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The new Iraqi government has decided to remove the confusion of having various security forces for different ministries operating in the greater Baghdad area and consolidate all such units into one cohesive force. The concern over confusion between actual government forces and the sectarian militias has crescendoed with the recent violence in the capital, and a unified command would resolve those issues immediately:
Senior Iraqi leaders are preparing a major restructuring of the capital's security brigades that would place all police officers and paramilitary soldiers under a single commander and in one uniform, in hopes of curtailing the sectarian chaos that is ravaging the city.
The reorganization calls for a substantially reduced presence of American soldiers on the capital's streets, although not necessarily in their numbers nationwide.
The plan, disclosed Wednesday in interviews with senior Iraqi leaders, would substantially alter Baghdad's landscape, now permeated by tens of thousands of police officers, soldiers and paramilitary troops whose identities and allegiances are not always clear.
Private militias and death squads have flourished in such an environment, with Iraqi officials acknowledging that they do not control all of the armed groups operating in Baghdad. Such militias, some of them acting with official cover, have been blamed for much of the mayhem and killing that have become routine in the capital.
The centerpiece of the plan calls for consolidating the multitude of security agencies under a single command, with one easily identifiable uniform. Iraqi officials say that would give them greater flexibility to combat the insurgency and identify rogue elements within their ranks.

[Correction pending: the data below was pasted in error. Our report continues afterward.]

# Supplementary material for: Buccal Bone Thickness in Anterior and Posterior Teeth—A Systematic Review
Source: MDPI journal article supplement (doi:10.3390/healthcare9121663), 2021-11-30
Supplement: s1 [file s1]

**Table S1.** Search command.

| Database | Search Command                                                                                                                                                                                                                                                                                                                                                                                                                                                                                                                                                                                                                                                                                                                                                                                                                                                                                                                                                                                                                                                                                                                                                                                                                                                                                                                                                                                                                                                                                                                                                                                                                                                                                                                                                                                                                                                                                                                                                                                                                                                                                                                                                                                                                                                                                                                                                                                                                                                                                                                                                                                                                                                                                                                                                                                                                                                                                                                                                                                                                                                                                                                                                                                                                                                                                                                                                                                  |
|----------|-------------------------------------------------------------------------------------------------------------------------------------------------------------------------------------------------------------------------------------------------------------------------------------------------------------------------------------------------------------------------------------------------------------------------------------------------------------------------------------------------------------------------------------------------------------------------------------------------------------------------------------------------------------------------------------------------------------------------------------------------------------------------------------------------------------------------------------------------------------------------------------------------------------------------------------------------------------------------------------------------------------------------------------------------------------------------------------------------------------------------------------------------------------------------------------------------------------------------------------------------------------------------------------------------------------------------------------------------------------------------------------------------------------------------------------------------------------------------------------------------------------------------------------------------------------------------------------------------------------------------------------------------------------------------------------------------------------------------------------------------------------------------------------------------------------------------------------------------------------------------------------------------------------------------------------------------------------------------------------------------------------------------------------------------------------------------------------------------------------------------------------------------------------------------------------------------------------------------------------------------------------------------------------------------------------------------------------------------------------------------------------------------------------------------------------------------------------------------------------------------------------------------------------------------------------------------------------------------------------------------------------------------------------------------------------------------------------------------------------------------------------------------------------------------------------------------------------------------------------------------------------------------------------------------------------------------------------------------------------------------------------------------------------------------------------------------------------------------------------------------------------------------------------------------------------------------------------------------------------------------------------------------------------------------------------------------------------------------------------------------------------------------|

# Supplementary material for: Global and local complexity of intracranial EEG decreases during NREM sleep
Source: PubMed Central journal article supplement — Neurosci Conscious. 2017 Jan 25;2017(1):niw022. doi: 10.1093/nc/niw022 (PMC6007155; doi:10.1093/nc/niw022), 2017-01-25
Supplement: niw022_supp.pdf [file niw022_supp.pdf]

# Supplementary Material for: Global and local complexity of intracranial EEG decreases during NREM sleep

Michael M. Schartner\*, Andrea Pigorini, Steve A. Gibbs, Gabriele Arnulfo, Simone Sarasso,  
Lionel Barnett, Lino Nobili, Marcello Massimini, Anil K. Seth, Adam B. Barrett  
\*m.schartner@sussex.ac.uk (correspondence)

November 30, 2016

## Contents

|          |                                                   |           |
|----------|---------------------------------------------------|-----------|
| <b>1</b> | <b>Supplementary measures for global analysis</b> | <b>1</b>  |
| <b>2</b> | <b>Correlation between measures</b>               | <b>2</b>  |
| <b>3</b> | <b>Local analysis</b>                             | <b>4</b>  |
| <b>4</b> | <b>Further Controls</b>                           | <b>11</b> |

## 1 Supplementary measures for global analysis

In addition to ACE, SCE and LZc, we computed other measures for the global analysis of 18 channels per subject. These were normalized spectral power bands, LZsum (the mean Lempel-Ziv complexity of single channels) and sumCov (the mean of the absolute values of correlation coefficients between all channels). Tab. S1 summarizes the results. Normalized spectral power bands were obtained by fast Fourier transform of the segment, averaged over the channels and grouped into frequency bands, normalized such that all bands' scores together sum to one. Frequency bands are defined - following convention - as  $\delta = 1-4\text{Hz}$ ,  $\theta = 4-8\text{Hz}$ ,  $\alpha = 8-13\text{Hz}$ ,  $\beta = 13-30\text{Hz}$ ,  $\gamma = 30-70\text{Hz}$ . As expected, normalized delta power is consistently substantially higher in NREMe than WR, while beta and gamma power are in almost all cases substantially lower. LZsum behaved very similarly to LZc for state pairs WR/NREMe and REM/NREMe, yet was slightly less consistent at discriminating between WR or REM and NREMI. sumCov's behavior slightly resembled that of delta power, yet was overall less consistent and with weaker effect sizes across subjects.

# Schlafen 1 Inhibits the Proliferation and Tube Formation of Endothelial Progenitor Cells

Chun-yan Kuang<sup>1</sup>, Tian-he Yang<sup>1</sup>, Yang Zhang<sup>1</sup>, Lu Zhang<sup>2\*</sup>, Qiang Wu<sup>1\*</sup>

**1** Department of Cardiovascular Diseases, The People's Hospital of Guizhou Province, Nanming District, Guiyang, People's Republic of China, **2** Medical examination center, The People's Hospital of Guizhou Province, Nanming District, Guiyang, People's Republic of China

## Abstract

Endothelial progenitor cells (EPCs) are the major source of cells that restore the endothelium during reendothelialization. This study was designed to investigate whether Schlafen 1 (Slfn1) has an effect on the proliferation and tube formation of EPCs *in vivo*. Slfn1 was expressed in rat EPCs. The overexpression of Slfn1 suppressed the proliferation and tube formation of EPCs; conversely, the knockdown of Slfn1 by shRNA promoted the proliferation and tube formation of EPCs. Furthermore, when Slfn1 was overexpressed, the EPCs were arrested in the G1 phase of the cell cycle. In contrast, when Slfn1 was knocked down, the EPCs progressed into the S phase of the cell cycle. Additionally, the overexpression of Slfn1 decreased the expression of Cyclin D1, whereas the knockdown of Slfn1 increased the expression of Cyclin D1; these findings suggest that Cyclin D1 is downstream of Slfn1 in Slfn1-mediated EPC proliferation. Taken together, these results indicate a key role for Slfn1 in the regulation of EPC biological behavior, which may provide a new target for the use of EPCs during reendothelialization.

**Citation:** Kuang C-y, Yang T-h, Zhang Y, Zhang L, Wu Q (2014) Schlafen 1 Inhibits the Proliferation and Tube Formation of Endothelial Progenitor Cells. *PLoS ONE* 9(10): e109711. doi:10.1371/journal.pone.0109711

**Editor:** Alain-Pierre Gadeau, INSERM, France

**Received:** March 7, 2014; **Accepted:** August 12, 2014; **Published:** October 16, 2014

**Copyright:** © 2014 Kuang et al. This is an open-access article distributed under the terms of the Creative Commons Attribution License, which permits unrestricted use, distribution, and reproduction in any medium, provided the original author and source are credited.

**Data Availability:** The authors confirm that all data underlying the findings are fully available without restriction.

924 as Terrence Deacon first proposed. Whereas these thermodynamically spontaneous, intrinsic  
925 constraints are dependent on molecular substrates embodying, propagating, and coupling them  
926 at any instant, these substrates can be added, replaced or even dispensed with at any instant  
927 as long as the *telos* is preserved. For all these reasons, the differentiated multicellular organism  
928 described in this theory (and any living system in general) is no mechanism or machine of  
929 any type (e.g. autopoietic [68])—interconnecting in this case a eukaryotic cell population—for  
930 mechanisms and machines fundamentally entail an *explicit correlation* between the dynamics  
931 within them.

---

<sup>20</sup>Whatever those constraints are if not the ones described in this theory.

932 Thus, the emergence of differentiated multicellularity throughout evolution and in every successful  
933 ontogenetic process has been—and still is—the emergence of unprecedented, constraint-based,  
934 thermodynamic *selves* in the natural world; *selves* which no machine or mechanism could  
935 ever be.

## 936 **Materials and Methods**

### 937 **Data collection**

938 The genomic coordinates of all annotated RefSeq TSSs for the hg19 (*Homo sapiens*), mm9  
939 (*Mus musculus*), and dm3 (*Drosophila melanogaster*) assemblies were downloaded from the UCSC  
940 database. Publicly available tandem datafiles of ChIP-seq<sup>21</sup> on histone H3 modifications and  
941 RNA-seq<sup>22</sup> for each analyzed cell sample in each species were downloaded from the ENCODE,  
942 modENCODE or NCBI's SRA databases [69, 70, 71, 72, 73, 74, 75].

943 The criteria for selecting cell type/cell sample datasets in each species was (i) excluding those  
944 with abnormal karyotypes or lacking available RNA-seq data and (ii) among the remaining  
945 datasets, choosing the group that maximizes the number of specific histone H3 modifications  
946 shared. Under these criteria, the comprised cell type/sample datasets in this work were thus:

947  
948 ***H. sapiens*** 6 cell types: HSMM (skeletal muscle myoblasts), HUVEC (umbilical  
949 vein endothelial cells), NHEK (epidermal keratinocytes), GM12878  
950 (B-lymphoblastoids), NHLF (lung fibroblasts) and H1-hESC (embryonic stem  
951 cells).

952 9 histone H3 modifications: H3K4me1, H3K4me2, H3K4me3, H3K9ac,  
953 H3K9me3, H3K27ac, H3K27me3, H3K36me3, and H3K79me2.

Until the elected permanent government had been formed, this issue could not get resolution. In the absence of a strong executive, the ministries ran their own programs and commanded their own security forces, which often worked at cross purposes, to put it mildly. Even without the sectarian militias operating in the city, such an organizational mess would create rivalries and even gang mentality within the ranks of the forces. It also makes it difficult for the residents and businesses within Baghdad to work with police and security forces when they oppose each other.
The new government hopes to get Baghdad pacified within a month. That will take the cooperation of the Sunnis, who may not want to see all security forces (and arms) consolidated under Shi'ite command. However, even the Sunnis will understand that uncontrolled militia forces on both sides represents a clearer danger and risk than a single unified command operating with the direction of elected officials. Whether the militias will go along with this is another question mark, but at least they will not find it as easy to sow confusion within the city.
Iraq seems to be taking the correct approach to establishing its own credibility on security. They plan to rely less on American forces in securing Baghdad, which is also the right idea to pursue. Their timetable sounds unrealistic, but their plan should bring stability and security to the most strategic area of Iraq.Sphere It View blog reactions
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